Too often, we see properties where maintenance and repairs are neglected year after year. As a result, minor cost items turn into massive capital repairs.

Imagine waiting to treat subterranean termites (properly) at your multifamily asset. After your multimillion dollar interior improvement plan to the appliances and finishes, you are ready to sell. Only now you have to take a multimillion dollar discount on your asking price because entire wall sections and framing have been completely eaten away.

To add to the challenge, only three years ago your team had the option to spend $30,000 on a full treatment of the property with a bond and warranty against future damage. In this case, the cost of doing nothing is severe.

Other times, the cost of doing nothing can be significant. Let’s say you have two proposals for $75,000 worth of foundation repairs at your 40-year-old property. While some may say you need a third proposal to start repairs with a contractor, what if the best option is to do nothing? The property is 40-years old and looks great. The minor cost of re-hanging a few doors and patching/ painting walls is pennies compared to sinking $75,000 into a solution that has little chance of success.

Our team constantly analyzes the cost of doing something and doing nothing. Time, energy, resources are not infinite. We are most obsessed with how we allocate our time.

Sometimes doing nothing is just what we need in order to have the space and time to rack up accomplishments for our team and partners.

When was the last time you decided not to do something?

Separating the Signal from the Noise

As available data on the web continues to increase, finding the space and time to think and listen can be challenging.

Take a look at these stats from 2014.

How is it even possible to not become distracted in such a “noisy” online world?

While we, too, consume a ton of information each day, we work tirelessly to focus on what is important. The simplest tactic we find ourselves repeating over and over is that we say no a lot and we track where we spend our time.



In real estate, it is easy to get swept up by the hype and excitement of “exclusive” opportunities, hearsay, and rumor. For us, staying focused is a matter of discipline. We worry more about the process than the outcome. Rent rates, inflation rates, and tax rates are all beyond our control. We do our best to avoid the plethora of predictions that turn out to be wrong.

When investing in properties, it is much easier to control what you spend, where you spend it, and how fast you spend it. We make sure that each dollar invested counts.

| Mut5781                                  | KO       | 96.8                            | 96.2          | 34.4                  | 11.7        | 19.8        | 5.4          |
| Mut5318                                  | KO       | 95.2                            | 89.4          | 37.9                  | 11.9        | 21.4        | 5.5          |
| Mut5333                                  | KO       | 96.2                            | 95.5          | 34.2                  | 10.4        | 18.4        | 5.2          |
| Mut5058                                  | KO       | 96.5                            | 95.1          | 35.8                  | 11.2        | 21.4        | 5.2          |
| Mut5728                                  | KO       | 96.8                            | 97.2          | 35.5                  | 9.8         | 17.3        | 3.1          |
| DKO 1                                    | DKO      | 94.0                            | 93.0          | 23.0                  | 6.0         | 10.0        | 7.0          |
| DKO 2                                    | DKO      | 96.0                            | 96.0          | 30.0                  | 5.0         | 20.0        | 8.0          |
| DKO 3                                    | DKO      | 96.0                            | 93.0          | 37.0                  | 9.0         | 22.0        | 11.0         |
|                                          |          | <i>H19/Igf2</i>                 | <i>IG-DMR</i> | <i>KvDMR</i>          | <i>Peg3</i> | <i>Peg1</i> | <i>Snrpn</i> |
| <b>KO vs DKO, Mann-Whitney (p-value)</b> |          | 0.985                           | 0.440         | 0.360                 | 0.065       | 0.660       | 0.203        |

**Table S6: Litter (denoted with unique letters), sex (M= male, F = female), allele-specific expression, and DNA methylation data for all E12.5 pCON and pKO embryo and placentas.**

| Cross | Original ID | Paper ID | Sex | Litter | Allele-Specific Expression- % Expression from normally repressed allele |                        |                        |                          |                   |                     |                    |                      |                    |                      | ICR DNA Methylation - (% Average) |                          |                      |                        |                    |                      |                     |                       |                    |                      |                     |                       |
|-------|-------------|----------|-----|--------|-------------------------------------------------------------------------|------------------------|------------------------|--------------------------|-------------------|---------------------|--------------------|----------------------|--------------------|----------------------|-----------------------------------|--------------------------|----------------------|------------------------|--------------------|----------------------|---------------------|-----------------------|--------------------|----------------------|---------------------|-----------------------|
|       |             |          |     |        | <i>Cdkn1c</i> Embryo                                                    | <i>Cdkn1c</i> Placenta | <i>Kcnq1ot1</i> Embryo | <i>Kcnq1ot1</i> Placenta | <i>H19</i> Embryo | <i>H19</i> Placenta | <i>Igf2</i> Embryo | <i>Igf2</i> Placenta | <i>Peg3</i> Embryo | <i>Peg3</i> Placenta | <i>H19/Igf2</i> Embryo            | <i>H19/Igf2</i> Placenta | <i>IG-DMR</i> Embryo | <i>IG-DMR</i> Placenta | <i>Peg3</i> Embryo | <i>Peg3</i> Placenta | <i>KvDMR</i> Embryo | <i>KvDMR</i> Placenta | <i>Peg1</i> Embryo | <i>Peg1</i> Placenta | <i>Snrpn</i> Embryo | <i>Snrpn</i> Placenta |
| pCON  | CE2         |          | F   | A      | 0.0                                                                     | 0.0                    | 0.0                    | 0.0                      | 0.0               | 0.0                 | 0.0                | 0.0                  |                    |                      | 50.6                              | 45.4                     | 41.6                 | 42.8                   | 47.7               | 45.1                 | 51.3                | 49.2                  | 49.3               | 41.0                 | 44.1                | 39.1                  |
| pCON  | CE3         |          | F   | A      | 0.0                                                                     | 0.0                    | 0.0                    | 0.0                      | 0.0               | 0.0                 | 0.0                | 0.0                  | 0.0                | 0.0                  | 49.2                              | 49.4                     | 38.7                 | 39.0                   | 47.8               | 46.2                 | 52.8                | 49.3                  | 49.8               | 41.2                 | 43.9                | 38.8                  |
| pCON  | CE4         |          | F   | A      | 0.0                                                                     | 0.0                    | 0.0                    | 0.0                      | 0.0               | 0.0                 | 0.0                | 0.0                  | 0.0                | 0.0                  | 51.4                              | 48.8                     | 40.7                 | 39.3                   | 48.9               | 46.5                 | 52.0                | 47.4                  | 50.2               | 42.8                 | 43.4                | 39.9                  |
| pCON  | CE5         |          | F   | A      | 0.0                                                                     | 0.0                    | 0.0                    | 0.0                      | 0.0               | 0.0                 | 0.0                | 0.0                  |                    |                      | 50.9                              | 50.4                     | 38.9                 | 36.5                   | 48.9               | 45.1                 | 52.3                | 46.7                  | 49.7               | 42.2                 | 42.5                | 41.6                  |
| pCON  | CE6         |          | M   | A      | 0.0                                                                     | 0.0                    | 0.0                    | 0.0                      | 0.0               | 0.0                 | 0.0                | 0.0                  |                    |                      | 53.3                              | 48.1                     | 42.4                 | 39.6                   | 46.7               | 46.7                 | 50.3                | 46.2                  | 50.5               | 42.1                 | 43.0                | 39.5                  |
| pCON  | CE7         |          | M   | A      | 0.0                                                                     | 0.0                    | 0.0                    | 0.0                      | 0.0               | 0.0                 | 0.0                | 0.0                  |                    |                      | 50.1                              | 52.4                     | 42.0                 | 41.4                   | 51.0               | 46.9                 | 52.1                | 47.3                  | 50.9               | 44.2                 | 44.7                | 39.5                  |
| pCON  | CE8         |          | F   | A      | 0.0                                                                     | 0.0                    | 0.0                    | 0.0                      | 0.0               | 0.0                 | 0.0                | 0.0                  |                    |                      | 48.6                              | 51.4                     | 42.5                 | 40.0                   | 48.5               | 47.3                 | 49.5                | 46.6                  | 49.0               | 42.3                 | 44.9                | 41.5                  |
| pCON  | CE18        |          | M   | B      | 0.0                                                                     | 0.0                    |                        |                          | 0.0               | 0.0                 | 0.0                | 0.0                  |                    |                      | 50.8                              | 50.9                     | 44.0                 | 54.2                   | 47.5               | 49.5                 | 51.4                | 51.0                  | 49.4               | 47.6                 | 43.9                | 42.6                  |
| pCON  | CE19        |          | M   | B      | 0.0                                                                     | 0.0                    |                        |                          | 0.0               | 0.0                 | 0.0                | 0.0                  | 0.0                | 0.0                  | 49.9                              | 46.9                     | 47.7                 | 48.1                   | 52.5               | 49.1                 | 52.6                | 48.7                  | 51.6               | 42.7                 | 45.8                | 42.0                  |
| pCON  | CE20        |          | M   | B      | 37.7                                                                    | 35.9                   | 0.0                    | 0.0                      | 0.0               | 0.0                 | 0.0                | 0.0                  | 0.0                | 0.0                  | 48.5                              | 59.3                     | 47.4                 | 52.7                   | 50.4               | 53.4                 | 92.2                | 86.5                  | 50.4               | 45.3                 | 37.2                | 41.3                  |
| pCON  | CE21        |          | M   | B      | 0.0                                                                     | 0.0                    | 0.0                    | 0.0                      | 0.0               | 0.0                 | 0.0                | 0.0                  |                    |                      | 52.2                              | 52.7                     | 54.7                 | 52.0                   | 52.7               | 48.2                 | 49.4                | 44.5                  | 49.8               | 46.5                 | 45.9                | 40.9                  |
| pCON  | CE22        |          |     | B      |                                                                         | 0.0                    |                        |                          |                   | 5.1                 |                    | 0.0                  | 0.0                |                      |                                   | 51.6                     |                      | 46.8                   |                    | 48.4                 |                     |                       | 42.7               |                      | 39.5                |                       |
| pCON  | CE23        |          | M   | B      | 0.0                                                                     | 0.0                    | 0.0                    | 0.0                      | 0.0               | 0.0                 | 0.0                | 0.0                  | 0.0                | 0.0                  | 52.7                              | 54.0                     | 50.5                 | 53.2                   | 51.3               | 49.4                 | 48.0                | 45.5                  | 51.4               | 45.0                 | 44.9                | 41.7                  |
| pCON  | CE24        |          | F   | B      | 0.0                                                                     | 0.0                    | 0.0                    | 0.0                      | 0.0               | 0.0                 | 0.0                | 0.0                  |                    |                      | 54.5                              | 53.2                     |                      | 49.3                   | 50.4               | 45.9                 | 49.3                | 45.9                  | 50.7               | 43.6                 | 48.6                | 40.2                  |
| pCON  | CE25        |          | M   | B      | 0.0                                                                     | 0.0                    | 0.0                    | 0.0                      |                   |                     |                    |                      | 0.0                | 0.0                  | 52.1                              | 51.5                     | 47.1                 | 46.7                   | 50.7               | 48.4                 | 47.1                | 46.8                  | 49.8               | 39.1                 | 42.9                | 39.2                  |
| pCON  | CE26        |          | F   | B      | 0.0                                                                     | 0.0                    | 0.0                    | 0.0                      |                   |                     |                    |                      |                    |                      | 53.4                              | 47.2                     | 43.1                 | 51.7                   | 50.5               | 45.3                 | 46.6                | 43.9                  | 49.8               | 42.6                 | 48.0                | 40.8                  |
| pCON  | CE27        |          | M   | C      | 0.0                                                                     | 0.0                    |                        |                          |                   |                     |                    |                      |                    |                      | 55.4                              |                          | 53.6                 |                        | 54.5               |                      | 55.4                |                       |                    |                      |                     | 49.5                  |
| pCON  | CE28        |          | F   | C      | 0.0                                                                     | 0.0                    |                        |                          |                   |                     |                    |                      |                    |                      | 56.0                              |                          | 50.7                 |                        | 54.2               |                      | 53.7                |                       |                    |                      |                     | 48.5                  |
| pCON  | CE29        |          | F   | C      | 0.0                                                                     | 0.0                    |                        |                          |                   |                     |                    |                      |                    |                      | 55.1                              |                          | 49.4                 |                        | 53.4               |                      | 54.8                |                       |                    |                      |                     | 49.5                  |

Arguably Benjamin Graham’s best student, Warren Buffett lives this philosophy with his “20 slot punch card” idea.


“We don’t do very many things, but when we get the chance to do something that’s right and big, we’ve got to do it. And even to do it in a small scale is just as big of a mistake almost as not doing it at all. I mean, you really got to grab them when they come. Because you’re not going to get 500 great opportunities.”

Warren Buffett


Practice saying no for 48 hours. It is tough. But we understand that in our effort to separate the signal from the noise, we are able to have the space to solve big challenges and have an even bigger impact.


Now What?

Value add to us is much more than a real estate investing strategy. It is our way of working.

Here are a few ways we overcome these common challenges to add value day in and day out.

  • You are your own worst enemy – Seek out objective perspectives from trusted partners and teammates. What are you missing?
  • Communication Breakdowns – Use technology as a tool, establish “rules of the game” and always try to connect with people in person or over the phone. Who do you need to call today?
  • Herd Mentality & Conventional Wisdom – Consider the source of the information and try out the 5 Whys. How else do you question your assumptions?
  • Failing to Plan –  Have a plan but be flexible to the changing realities in a fast-changing world. How does your ‘road map’ help you to stay on track yet learn from/ adapt to obstacles?
  • Doing Nothing has a Cost – Be detailed in your analysis of all the costs related to your decisions, including the cost of doing nothing. How has doing nothing cost you more in the long run?
  • Separating the Signal from the Noise – There are things that we can control, and others that we cannot. Our greatest asset that we can control is our focus. How do you focus on the right areas to invest your dollars and your time?


Last but not least, what is your value-add?

Leave a comment below and let us know.